I was walking around downtown Evanston once when I was handed a tract, very quickly, by a man on the corner. He wasn't necessarily obtrusive or obnoxious - all I remember him saying was, Here, this is for you, Jesus loves you - and I mumbled something like, Thanks, and then the light changed and I continued walking across the street. I think I felt a little bit of embarrassment, as thought it was important for me to know, and to be able to tell anyone who might ask, that I am different from this person - although we may say we believe many of the same things, I think rightly about the effectiveness of handing out small booklets to strangers in an age of digital consumer media and in a context of jaded, multicultural, postmodern urbanites.
About six minutes later I sat down in a public area with a fountain to eat some frozen custard. There were several concrete bench areas scattered around this central space, and the one I picked - a sort of curved alcove - was occupied by a bearded man who was clearly homeless. As I walked over, I thought, Well, everybody else is avoiding this guy, so maybe I'll sit here and at least give him the dignity of being treated just like any other person, since people in public urban areas often mingle in very close quarters, but not with homeless folks, since, God forbid, they might smell, or ask you for money, or rob you blind and steal your children.
I ended up having a conversation with him and with three other homeless men, and I am glad I chose to sit down. We laughed together, and I listened to them talk about their hardships, and they asked what I did, so I told them about being a student and about playing music, and I gave them some money (and one of them, Jeff, gave me a very strong and unexpected hug), and I told them that I don't know what this is worth but you are people too, no matter how many times you try to look at others and they refuse, no matter how often you're hassled by the police, you are people, and don't you forget that, don't let go of things like love and kindness, even if it seems like everybody else just wants to believe that you're nothing. And I got handshakes and fist pounds and gratitude.
It is tempting at this point to say something cliche about how it’s hard for many of us to seriously open ourselves to people whose ways of life are very different in some way from our own, and to have in mind those homeless guys, and to make that the point of this essay. But when I walked away from them, the person who kept crossing my mind was religious tract guy. It is uncomfortable for me, you see, to even for a moment entertain the idea that perhaps that gentleman on the corner represents an implicit critique of my faith. Perhaps my knowledge is, after all, just a really clever wall that manages to successfully keep out responsibilities in which I ought to be engaged. Maybe I have a thoroughly worked out theological-cultural-biblical explanation for why handing out tracts on a street corner is never something I personally do as part of my faith and practice. But maybe I just never do it because, frankly, I realize that people like that are often scorned, and I don’t like being scorned. I like being liked, being able to joke around with people. Nobody wants to joke around with Religious Tract Guy. Granted, that’s often his fault, but this time it wasn’t. This time I just kept walking because I didn’t want to be bothered.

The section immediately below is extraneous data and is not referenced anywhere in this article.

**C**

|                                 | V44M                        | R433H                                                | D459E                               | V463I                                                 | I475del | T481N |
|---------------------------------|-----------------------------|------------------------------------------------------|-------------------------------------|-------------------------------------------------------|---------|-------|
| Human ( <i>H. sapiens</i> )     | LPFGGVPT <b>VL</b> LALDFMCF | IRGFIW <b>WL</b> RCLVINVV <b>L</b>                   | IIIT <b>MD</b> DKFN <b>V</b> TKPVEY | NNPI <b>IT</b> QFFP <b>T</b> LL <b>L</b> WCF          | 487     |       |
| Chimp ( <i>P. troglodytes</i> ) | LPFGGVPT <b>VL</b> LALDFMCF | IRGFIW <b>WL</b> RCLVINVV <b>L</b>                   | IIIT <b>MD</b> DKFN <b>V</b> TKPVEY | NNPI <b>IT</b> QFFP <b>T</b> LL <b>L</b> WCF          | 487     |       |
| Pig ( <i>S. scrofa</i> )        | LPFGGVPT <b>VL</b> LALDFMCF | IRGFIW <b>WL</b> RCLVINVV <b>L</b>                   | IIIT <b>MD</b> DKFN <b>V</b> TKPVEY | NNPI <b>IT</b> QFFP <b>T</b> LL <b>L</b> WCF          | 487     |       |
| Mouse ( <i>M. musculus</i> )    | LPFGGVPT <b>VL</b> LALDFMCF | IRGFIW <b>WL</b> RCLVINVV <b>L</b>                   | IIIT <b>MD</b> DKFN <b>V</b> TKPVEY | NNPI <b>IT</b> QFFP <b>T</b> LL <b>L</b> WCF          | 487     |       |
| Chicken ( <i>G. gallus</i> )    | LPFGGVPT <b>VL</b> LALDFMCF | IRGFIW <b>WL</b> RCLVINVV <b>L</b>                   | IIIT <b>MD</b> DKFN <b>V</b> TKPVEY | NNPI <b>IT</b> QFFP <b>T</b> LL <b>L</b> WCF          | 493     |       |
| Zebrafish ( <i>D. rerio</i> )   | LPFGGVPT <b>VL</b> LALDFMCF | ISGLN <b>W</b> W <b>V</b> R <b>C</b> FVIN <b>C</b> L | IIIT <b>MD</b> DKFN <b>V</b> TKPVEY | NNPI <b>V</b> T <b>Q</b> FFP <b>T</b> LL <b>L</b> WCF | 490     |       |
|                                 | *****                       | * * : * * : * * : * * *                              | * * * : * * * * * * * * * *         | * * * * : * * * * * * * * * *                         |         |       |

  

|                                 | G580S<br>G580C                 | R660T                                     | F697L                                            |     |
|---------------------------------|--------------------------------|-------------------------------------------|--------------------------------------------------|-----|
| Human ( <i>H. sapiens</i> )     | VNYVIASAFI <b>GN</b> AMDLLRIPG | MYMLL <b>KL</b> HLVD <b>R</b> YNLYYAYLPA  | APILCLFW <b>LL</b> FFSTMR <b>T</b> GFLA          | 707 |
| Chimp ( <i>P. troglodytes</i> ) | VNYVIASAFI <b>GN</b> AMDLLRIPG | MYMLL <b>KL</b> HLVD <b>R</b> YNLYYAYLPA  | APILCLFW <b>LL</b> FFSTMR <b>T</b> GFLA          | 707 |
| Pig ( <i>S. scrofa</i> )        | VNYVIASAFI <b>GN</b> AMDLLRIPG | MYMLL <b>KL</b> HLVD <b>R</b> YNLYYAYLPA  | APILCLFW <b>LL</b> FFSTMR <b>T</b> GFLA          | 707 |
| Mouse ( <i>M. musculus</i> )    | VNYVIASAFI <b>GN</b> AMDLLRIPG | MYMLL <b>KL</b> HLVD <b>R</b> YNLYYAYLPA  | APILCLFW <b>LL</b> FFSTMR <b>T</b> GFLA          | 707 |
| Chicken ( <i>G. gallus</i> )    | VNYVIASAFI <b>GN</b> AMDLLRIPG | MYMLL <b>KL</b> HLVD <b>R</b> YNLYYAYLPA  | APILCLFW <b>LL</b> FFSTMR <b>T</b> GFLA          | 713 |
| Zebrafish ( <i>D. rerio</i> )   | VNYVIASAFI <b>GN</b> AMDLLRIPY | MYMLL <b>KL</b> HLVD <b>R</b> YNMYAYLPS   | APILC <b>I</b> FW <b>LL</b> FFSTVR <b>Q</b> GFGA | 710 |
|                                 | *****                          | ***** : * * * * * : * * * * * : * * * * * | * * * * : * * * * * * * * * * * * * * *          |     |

Within a short span of time I encountered representatives of two groups that make many people uncomfortable, though admittedly for different reasons: homeless men and the give-you-a-religious-tract-on-the-street-corner guy. The rub here - and why I bothered to write this at all, which most assuredly was not to commend myself for the twenty or so minutes I spent talking with some homeless men - is that when you get right down to it those of us who follow Jesus never have the right to pigeonhole anybody, ever. We simply cannot know and cannot predict the myriad and surprising and paradigm-shattering ways in which God chooses to work, every day, again and again and again. Street corner tracts and homeless men; I don't think, in this instance, that they're really all that far apart. Granted, the tract guy (assuming he wasn't also homeless) had the luxury of leaving the street whenever he chose; but what if he didn't? What if he really was so compelled by what he believes to be true that it was psychologically and spiritually impossible for him to not be on that street corner handing out those tracts? Does that sound insane to you? But what if what he's telling people is true? Because - and this is very basic, but sometimes we forget - singular and life-altering devotion to a cause is only insane if the cause itself is a delusion.
I don't really believe that "tract guy" represents a critique of my faith; at least, not in the sense of me needing to get out and do just what he was doing. But in another way perhaps he does. I was quick, after all, to allow my patterns to be disrupted by some homeless guys, to allow them the freedom and dignity to be people and to accord them the kind of time and respect and understanding that I pray others will always show to me. But did I think about doing that with tract guy? Did I even think about stopping for a moment and affirming that he and I both follow Jesus, or engaging him in some kind of conversation? Nope. I was uncomfortable, and I kept walking.
Over and over we get set in our ways, and redemption has a habit - if we are open to it - of continually breaking us out of them.